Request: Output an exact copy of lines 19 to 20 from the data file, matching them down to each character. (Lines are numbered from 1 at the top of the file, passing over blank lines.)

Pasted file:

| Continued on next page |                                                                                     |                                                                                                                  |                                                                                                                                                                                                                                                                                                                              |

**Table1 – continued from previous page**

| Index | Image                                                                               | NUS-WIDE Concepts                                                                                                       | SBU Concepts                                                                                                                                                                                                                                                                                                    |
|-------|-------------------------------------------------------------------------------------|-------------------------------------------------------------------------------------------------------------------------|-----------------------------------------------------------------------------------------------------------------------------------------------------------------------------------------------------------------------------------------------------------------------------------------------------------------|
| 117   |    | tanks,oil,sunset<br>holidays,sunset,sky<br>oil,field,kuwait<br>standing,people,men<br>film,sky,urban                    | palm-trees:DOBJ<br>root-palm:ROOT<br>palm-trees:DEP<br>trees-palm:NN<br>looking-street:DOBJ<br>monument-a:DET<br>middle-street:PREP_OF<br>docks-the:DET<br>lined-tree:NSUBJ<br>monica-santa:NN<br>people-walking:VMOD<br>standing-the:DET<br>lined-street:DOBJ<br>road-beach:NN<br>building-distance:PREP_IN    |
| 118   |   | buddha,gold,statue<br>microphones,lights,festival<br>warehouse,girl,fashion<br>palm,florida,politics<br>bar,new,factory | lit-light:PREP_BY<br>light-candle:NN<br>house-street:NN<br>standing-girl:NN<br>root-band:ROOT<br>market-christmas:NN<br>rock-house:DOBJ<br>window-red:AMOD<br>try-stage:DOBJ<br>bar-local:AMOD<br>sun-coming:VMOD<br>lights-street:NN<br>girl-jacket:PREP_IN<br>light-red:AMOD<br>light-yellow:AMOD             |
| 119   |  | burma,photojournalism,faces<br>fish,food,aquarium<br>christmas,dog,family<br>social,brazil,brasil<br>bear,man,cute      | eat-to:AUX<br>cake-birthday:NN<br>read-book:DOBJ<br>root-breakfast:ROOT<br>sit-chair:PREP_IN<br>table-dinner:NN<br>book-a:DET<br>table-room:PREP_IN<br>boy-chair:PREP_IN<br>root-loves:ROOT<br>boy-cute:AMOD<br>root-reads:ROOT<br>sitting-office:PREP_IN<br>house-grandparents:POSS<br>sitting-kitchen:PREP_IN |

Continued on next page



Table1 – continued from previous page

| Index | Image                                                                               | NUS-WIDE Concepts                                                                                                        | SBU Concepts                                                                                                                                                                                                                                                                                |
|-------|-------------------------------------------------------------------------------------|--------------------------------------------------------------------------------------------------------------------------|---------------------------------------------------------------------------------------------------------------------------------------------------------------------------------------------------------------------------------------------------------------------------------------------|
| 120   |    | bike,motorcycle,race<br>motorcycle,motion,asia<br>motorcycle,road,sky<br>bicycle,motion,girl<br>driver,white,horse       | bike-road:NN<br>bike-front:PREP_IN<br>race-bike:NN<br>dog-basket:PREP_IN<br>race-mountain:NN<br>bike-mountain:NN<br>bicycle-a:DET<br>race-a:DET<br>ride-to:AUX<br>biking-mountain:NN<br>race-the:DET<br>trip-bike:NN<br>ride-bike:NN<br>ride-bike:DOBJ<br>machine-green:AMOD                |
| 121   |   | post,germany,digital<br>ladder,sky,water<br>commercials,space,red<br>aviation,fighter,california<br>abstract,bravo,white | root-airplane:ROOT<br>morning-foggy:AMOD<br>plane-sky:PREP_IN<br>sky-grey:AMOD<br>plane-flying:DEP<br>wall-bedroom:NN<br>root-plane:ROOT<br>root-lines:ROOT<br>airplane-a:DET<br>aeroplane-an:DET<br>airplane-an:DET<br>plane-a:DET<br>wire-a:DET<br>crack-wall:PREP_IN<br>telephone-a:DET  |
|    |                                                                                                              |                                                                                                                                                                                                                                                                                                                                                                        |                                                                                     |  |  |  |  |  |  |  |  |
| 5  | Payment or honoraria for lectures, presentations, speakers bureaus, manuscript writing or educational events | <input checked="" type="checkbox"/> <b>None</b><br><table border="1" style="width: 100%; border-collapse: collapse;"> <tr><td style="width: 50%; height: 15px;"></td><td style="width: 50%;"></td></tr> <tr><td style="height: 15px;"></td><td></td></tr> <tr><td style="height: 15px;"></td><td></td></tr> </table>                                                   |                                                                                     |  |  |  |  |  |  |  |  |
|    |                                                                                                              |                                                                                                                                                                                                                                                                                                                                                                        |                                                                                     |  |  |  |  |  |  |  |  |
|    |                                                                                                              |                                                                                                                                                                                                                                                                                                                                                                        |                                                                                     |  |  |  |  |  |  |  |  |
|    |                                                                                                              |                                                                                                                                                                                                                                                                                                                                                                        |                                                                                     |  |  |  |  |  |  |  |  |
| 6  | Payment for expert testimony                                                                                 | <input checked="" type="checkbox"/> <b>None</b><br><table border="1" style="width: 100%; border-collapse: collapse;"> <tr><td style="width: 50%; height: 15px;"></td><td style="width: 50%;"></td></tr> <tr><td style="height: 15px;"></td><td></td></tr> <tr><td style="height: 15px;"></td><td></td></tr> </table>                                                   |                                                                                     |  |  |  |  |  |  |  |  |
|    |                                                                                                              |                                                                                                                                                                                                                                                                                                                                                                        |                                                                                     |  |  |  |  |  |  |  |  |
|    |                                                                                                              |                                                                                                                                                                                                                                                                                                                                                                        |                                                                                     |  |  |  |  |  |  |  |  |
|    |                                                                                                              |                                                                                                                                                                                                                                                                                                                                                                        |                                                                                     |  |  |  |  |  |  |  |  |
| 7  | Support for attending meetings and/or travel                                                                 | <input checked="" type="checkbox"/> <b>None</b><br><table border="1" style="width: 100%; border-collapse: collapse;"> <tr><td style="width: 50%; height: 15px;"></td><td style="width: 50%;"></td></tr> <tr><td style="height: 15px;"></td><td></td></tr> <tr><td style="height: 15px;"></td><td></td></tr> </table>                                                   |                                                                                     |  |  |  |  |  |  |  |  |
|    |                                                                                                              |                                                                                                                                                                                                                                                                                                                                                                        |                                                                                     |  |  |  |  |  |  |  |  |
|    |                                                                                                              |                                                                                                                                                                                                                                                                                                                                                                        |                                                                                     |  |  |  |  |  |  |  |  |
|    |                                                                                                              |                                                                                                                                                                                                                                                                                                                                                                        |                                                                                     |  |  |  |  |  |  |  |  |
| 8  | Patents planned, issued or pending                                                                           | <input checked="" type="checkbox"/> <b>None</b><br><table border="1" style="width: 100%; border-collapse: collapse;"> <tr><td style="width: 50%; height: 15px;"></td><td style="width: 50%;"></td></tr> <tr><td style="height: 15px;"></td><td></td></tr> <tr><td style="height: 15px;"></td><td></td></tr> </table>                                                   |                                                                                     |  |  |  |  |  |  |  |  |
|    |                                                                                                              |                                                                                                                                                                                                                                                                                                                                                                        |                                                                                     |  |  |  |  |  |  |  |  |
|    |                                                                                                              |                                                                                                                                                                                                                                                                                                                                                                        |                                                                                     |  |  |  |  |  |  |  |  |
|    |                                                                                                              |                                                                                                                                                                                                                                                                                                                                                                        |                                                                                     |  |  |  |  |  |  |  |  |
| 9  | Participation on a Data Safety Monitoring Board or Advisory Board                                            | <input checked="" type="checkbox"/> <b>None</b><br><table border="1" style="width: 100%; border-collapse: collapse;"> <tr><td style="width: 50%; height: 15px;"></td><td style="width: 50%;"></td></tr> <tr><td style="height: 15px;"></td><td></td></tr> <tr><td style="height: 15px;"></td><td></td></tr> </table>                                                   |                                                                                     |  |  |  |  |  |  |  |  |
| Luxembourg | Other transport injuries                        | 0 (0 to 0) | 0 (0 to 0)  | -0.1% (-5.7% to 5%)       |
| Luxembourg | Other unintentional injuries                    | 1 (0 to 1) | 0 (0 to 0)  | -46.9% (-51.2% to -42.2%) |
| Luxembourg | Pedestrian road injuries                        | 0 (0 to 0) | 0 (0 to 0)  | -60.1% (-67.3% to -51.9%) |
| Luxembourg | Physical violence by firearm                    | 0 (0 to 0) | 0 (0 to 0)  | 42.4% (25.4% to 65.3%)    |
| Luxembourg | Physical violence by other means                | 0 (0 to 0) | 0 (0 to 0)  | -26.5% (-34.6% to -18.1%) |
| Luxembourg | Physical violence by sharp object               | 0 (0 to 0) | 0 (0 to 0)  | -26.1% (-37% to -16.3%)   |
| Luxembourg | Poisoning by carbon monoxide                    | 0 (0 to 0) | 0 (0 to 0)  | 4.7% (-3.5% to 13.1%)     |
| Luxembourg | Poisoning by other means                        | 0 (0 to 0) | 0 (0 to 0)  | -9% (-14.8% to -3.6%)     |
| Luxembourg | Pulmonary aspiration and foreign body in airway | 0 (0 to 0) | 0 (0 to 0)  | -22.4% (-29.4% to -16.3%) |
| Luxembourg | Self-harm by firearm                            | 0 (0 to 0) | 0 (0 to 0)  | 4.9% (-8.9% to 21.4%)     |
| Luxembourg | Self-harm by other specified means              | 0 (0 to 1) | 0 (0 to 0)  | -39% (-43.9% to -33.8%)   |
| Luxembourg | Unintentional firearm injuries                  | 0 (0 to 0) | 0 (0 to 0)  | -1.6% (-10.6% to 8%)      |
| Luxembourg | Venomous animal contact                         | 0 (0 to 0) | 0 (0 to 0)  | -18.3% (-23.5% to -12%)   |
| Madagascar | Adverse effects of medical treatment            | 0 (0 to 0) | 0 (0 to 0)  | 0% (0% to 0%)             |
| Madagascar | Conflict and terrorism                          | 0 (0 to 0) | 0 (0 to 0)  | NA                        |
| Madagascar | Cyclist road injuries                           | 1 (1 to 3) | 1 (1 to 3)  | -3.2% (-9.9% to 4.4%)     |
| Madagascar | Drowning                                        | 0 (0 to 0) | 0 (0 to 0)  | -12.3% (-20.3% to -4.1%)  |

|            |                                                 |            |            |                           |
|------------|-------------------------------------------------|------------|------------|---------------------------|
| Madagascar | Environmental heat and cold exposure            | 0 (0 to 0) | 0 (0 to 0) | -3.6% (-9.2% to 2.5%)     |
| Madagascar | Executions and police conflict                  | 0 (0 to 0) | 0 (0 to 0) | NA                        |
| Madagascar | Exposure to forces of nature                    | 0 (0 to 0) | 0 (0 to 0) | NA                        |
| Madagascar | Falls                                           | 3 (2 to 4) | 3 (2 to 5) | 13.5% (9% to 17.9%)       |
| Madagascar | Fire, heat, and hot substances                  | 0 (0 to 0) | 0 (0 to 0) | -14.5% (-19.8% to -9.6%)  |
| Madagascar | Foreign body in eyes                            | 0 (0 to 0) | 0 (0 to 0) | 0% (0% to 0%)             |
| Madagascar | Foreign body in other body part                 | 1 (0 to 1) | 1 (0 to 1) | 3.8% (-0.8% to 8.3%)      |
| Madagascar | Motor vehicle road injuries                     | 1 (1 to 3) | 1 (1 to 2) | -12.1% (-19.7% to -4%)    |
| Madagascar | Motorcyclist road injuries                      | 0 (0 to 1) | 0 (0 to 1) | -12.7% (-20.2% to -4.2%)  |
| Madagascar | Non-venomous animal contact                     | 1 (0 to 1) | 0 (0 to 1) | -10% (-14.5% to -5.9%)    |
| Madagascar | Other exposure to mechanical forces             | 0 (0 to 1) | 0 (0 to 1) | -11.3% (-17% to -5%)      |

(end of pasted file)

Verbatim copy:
| 6  | Payment for expert testimony                                                                                 | <input checked="" type="checkbox"/> <b>None</b><br><table border="1" style="width: 100%; border-collapse: collapse;"> <tr><td style="width: 50%; height: 15px;"></td><td style="width: 50%;"></td></tr> <tr><td style="height: 15px;"></td><td></td></tr> <tr><td style="height: 15px;"></td><td></td></tr> </table>                                                   |                                                                                     |  |  |  |  |  |  |  |  |
|    |                                                                                                              |                                                                                                                                                                                                                                                                                                                                                                        |                                                                                     |  |  |  |  |  |  |  |  |